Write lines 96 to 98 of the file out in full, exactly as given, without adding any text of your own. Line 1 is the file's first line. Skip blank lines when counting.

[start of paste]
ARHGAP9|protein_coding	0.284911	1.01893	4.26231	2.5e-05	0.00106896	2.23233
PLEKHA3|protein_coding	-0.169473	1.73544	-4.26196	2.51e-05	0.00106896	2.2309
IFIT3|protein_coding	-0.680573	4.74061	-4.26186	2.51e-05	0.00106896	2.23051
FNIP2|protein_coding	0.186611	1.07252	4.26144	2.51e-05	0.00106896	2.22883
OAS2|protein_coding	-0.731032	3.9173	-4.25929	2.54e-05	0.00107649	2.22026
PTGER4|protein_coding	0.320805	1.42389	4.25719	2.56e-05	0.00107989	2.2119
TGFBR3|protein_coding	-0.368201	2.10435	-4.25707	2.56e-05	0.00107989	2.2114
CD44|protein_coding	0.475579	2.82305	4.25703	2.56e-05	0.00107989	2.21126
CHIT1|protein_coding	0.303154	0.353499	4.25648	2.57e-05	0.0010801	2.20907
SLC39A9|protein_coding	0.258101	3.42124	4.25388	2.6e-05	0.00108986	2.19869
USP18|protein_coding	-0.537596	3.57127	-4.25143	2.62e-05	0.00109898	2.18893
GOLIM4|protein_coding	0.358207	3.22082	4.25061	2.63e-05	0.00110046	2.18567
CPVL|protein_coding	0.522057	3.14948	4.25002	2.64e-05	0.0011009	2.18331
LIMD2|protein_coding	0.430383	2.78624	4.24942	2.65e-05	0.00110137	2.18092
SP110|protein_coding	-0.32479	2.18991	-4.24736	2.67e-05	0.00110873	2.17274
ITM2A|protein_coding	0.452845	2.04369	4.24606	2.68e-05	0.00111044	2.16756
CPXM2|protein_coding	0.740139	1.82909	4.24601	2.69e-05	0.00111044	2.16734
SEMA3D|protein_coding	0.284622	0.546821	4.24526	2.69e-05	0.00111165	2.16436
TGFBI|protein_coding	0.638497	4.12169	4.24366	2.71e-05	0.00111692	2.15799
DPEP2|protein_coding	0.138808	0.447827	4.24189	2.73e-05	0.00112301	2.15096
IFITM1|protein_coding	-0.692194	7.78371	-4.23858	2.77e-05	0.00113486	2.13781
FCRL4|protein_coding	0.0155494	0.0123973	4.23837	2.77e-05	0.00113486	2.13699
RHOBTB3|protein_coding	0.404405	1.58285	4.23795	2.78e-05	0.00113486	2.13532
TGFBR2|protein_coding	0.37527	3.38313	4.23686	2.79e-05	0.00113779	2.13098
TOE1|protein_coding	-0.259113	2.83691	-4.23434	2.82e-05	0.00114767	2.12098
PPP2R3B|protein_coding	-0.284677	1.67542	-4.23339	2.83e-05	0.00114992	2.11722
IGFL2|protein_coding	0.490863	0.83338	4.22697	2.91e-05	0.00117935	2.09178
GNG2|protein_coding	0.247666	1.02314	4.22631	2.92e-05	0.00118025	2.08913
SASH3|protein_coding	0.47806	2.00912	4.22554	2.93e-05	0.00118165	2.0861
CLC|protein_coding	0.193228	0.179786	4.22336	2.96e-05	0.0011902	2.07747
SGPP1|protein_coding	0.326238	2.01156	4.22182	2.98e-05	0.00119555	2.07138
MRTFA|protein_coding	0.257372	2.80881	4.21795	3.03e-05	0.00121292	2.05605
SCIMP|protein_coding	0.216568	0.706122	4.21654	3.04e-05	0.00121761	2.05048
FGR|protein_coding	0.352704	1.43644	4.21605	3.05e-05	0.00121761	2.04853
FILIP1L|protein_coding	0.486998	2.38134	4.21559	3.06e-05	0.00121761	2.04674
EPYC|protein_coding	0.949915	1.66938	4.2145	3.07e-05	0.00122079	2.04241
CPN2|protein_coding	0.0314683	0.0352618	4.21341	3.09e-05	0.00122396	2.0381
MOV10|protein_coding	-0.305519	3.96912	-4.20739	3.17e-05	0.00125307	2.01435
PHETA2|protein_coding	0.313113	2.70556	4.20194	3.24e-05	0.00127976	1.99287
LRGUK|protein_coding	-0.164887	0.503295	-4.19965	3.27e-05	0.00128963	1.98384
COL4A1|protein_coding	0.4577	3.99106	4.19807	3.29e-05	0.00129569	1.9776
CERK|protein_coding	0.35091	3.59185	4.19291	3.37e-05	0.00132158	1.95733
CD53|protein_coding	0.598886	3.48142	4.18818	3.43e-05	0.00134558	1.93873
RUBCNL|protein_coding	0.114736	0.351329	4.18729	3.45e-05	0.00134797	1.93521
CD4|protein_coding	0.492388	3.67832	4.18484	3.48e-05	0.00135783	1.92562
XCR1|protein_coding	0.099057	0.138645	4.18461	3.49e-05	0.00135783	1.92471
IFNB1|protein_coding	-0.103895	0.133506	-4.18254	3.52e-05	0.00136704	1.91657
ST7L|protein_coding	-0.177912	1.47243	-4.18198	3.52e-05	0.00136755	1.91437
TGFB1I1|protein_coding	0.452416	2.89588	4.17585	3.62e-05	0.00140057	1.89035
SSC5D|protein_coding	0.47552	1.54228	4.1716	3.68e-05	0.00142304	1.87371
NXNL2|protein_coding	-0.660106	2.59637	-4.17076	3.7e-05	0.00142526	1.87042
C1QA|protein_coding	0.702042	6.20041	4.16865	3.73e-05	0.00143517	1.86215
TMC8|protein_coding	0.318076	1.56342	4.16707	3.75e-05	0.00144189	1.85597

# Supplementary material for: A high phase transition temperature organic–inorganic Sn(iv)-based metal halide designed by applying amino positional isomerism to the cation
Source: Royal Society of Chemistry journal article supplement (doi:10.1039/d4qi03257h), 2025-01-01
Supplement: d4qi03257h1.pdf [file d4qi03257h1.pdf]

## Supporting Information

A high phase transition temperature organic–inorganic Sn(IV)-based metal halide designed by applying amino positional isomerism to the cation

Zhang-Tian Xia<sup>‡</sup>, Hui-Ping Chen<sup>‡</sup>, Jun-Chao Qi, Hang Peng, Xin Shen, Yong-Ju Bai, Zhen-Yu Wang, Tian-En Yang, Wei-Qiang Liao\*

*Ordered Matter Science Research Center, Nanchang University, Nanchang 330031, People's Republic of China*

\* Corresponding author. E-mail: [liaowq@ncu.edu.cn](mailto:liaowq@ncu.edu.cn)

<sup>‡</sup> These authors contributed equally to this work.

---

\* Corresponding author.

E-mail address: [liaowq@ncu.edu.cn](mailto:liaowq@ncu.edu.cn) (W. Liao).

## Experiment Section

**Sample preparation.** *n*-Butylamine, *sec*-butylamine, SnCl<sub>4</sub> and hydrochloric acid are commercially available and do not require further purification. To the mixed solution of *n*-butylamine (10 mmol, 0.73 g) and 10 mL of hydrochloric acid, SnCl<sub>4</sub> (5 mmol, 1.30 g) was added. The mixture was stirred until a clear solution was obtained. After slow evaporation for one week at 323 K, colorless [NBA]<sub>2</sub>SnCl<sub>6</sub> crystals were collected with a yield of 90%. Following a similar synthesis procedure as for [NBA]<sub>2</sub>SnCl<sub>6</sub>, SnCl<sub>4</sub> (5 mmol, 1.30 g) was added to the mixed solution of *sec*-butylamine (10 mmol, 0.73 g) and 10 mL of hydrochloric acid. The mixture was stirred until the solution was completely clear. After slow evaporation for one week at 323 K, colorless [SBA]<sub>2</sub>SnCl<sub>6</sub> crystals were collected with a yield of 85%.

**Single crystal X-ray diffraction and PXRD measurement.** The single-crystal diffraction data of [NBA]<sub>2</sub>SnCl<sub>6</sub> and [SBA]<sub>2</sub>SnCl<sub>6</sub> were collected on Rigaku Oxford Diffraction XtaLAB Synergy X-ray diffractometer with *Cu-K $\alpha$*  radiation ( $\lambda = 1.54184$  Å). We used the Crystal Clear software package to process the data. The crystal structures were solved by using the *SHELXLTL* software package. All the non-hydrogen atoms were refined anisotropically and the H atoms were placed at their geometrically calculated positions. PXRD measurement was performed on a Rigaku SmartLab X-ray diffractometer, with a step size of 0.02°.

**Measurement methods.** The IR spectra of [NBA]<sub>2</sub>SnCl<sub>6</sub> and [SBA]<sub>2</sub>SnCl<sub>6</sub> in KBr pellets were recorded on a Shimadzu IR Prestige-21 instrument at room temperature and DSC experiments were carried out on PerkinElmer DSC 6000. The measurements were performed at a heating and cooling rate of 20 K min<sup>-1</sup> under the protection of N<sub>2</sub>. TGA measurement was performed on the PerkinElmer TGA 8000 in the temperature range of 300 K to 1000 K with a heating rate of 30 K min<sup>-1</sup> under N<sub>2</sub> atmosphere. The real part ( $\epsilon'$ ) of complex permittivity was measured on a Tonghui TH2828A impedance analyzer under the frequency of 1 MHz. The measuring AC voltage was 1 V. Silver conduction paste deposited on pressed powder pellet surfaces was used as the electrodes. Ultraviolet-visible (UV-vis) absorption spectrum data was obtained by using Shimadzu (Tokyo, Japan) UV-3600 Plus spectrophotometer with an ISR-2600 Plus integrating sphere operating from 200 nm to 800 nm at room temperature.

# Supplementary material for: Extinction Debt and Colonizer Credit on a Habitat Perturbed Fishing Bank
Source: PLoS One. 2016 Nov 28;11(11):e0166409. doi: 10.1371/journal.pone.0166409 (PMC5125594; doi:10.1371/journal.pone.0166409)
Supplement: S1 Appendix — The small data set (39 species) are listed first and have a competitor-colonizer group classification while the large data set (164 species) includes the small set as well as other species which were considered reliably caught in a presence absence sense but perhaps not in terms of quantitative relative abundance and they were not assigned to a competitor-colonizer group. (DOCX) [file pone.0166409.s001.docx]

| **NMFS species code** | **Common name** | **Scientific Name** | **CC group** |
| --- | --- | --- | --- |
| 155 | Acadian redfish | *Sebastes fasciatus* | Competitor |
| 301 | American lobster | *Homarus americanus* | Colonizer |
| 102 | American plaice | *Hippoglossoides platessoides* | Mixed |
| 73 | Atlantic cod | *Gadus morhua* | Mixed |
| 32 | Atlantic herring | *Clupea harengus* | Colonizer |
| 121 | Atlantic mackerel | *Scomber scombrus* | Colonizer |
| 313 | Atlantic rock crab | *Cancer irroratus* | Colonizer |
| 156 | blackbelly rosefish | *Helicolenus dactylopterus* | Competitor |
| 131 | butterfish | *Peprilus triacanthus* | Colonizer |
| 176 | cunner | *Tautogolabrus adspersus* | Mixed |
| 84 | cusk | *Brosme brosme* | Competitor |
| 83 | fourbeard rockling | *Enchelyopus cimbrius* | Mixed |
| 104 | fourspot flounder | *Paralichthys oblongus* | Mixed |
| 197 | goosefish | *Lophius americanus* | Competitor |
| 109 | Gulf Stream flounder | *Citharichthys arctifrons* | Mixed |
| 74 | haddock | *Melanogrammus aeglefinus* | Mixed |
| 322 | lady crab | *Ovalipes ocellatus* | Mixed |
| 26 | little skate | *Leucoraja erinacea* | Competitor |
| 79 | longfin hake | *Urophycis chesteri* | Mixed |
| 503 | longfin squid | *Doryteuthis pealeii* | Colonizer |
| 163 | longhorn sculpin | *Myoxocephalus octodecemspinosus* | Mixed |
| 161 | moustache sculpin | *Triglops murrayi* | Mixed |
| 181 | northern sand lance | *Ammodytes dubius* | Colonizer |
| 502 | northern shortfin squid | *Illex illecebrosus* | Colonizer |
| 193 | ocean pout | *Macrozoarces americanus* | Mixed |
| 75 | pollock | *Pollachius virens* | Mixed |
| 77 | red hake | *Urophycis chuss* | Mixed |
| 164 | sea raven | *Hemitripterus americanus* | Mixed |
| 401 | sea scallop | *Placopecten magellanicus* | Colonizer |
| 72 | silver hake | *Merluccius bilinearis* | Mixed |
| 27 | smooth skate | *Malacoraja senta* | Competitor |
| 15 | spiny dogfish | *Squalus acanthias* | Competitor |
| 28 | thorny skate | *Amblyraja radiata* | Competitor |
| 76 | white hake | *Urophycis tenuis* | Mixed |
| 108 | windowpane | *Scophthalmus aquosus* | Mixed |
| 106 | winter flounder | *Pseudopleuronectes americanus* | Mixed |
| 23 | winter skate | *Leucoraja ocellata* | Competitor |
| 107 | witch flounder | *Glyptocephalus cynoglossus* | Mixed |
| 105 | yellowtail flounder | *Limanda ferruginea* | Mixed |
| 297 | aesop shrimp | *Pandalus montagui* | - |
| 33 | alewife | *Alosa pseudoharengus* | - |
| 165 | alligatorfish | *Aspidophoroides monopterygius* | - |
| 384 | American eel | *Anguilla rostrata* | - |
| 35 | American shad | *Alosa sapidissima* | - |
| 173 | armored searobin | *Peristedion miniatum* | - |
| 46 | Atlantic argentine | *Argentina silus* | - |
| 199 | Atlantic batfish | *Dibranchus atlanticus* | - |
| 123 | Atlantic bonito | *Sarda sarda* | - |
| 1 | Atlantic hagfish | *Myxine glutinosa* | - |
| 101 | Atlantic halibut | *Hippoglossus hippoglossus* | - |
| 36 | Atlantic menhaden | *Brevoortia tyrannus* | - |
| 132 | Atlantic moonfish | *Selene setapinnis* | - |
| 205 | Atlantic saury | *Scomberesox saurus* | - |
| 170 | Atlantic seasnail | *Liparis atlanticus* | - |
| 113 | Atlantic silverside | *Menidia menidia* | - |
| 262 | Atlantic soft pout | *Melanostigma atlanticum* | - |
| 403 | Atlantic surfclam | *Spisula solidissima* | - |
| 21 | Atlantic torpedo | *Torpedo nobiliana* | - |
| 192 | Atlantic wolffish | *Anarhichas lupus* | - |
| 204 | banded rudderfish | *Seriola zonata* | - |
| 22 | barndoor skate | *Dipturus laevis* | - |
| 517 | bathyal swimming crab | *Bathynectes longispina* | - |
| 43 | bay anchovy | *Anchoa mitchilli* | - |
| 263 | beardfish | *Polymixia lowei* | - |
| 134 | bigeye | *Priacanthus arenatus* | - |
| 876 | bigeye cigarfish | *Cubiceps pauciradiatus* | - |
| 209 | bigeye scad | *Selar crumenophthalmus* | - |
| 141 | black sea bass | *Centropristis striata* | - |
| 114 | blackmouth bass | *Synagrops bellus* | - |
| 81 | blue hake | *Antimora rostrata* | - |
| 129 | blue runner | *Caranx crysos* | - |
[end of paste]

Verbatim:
| 161 | moustache sculpin | *Triglops murrayi* | Mixed |
| 181 | northern sand lance | *Ammodytes dubius* | Colonizer |
| 502 | northern shortfin squid | *Illex illecebrosus* | Colonizer |